My hospital visits up to this point in my life are too high to count, and what that’s taught me is to always be prepared to wait. I got so sick of waiting and worrying, being frustrated to the point of walking out that I started packing a bag around with me of small projects. During my “hurry up and wait” moments up north, I taught myself how to crochet. Sometimes I’d bring my journal along with me or a colouring book or paperwork that had to be completed, anything to pass the time and by doing that I found time passed a lot quicker than just sitting around twiddling my thumbs.

I’ve seen and experienced first hand what can happen when complacent doctors pump people full of medication. They act and look scary, like zombies, like they’re not even there and have no comprehension of what’s going on around them. When I first entered the psych ward the doctors experimented on me and had me on numerous drugs slowing my thoughts, my speech, my reaction times and movements. I kept track of every feeling I had on those drugs and by the grace of God I was assigned a good doctor that worked with me. When I got discharged, I was still on a handful of medication, yet I set my mind to come off them gradually.

I have what’s called clinical depression, which means my brain doesn’t naturally produce the “feel good” chemicals like serotonin or dopamine, so if I don’t take some form of medication I fall into a deep depression which eventually leads to suicide – that’s my reality. Over the past four and a half years I have been on a variety of anti-depressants and anxiety medication to help balance my emotions and mood. I still have my moments where I feel shame and guilt that I need to take medication, that I just can’t fix this problem on my own.

I had a lot of questions and still do as to why this happened to me. Even the very best professionals can’t answer those questions. A very important lesson that I have learned up to now is that medication alone doesn’t cure my disease. I’ve had to go through intense therapy and work a twelve step program, maintain regular exercise, stay on a routine, and get eight to ten hours of sleep a night as well as finding coping tools and treatments that keep me on track.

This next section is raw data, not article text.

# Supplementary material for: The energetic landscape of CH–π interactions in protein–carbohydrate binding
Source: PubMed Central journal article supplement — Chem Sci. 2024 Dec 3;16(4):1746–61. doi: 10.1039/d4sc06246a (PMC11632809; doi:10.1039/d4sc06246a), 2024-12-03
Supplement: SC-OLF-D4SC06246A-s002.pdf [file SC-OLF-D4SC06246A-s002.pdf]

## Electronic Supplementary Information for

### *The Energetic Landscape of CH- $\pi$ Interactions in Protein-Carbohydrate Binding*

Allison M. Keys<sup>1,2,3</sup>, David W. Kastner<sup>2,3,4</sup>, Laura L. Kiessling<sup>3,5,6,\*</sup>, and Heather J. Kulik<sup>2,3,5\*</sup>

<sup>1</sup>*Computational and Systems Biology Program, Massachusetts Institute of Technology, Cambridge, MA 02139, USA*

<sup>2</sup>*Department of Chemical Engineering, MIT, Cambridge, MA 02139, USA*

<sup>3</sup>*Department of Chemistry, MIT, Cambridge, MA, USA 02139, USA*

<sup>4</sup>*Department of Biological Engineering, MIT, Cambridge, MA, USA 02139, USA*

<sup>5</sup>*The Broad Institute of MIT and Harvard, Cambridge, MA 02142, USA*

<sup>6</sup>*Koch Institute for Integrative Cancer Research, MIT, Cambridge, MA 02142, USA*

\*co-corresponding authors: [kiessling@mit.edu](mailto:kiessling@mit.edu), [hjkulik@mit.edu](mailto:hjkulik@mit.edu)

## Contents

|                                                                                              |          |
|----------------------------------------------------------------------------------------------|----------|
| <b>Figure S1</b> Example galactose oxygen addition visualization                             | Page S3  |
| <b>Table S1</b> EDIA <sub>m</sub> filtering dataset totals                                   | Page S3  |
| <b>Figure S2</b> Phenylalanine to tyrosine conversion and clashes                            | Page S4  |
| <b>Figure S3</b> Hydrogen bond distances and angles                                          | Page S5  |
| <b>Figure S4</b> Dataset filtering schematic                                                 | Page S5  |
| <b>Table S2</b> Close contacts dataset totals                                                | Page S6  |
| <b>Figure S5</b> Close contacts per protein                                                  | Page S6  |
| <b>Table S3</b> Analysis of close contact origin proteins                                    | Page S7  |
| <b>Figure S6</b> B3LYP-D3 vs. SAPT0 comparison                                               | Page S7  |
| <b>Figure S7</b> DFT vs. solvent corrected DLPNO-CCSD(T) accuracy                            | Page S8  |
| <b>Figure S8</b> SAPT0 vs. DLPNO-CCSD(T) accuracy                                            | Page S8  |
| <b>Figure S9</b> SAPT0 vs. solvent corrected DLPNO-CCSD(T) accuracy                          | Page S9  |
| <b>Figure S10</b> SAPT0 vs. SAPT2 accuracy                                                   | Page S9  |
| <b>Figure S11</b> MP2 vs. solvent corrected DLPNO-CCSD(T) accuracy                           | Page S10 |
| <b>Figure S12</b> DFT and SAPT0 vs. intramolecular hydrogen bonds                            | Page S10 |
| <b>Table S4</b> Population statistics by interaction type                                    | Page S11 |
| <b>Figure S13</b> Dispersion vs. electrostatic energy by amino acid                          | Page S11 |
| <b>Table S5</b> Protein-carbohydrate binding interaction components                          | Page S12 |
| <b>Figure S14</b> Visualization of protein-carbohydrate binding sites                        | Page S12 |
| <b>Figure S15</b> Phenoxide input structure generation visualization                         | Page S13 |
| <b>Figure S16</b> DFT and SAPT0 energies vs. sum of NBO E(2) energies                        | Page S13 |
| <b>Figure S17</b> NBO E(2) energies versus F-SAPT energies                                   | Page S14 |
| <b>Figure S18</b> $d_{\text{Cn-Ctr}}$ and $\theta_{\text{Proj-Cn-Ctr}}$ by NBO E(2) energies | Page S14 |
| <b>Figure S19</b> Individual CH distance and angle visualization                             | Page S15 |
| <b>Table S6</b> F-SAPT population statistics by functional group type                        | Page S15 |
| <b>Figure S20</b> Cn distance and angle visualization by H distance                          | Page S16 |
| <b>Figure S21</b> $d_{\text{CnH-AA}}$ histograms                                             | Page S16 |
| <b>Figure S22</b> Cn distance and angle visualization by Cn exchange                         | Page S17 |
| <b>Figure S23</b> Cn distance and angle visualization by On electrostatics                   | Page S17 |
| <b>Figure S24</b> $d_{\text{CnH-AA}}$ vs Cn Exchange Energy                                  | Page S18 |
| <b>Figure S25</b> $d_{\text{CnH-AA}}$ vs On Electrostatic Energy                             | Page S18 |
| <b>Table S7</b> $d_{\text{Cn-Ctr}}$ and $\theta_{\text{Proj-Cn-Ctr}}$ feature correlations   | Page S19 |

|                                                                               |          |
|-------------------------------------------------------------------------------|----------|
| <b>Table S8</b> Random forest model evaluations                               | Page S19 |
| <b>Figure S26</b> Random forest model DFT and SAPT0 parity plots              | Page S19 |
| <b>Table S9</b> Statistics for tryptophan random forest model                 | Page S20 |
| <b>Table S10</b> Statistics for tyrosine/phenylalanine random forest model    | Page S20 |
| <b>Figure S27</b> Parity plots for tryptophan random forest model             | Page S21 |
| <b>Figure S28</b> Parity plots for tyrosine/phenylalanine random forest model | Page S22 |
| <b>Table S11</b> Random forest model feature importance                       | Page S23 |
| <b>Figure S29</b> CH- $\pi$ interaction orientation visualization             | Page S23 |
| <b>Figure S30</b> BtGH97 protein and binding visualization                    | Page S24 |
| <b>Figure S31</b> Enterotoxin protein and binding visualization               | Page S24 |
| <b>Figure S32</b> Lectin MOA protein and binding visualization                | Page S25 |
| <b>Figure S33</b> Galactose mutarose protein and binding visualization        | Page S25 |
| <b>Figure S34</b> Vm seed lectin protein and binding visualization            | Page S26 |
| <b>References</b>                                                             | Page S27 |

I refuse to let this disease beat me and work incredibly hard everyday to keep my negative thoughts at bay and stay sober. I’ve learned a lot of things along this journey so far and maybe one of the lessons I still have to learn is to wait. Everything happens for a reason, I truly believe that — acceptance is the key to all my problems. If I can just accept that waiting is part of life, maybe waiting will become a bit easier?

Are you waiting to live or are you waiting to die? I was dead inside for so long and now that I’ve been given a second chance at life I want to live it to the fullest. There’s no shame in needing some medication to help make life easier. I can’t go back, but if I could I would have asked for help a long time ago. Perhaps by sharing this it will help you take action towards living the best life you can while you’re still here. If you’re patient and wait, good things are bound to happen.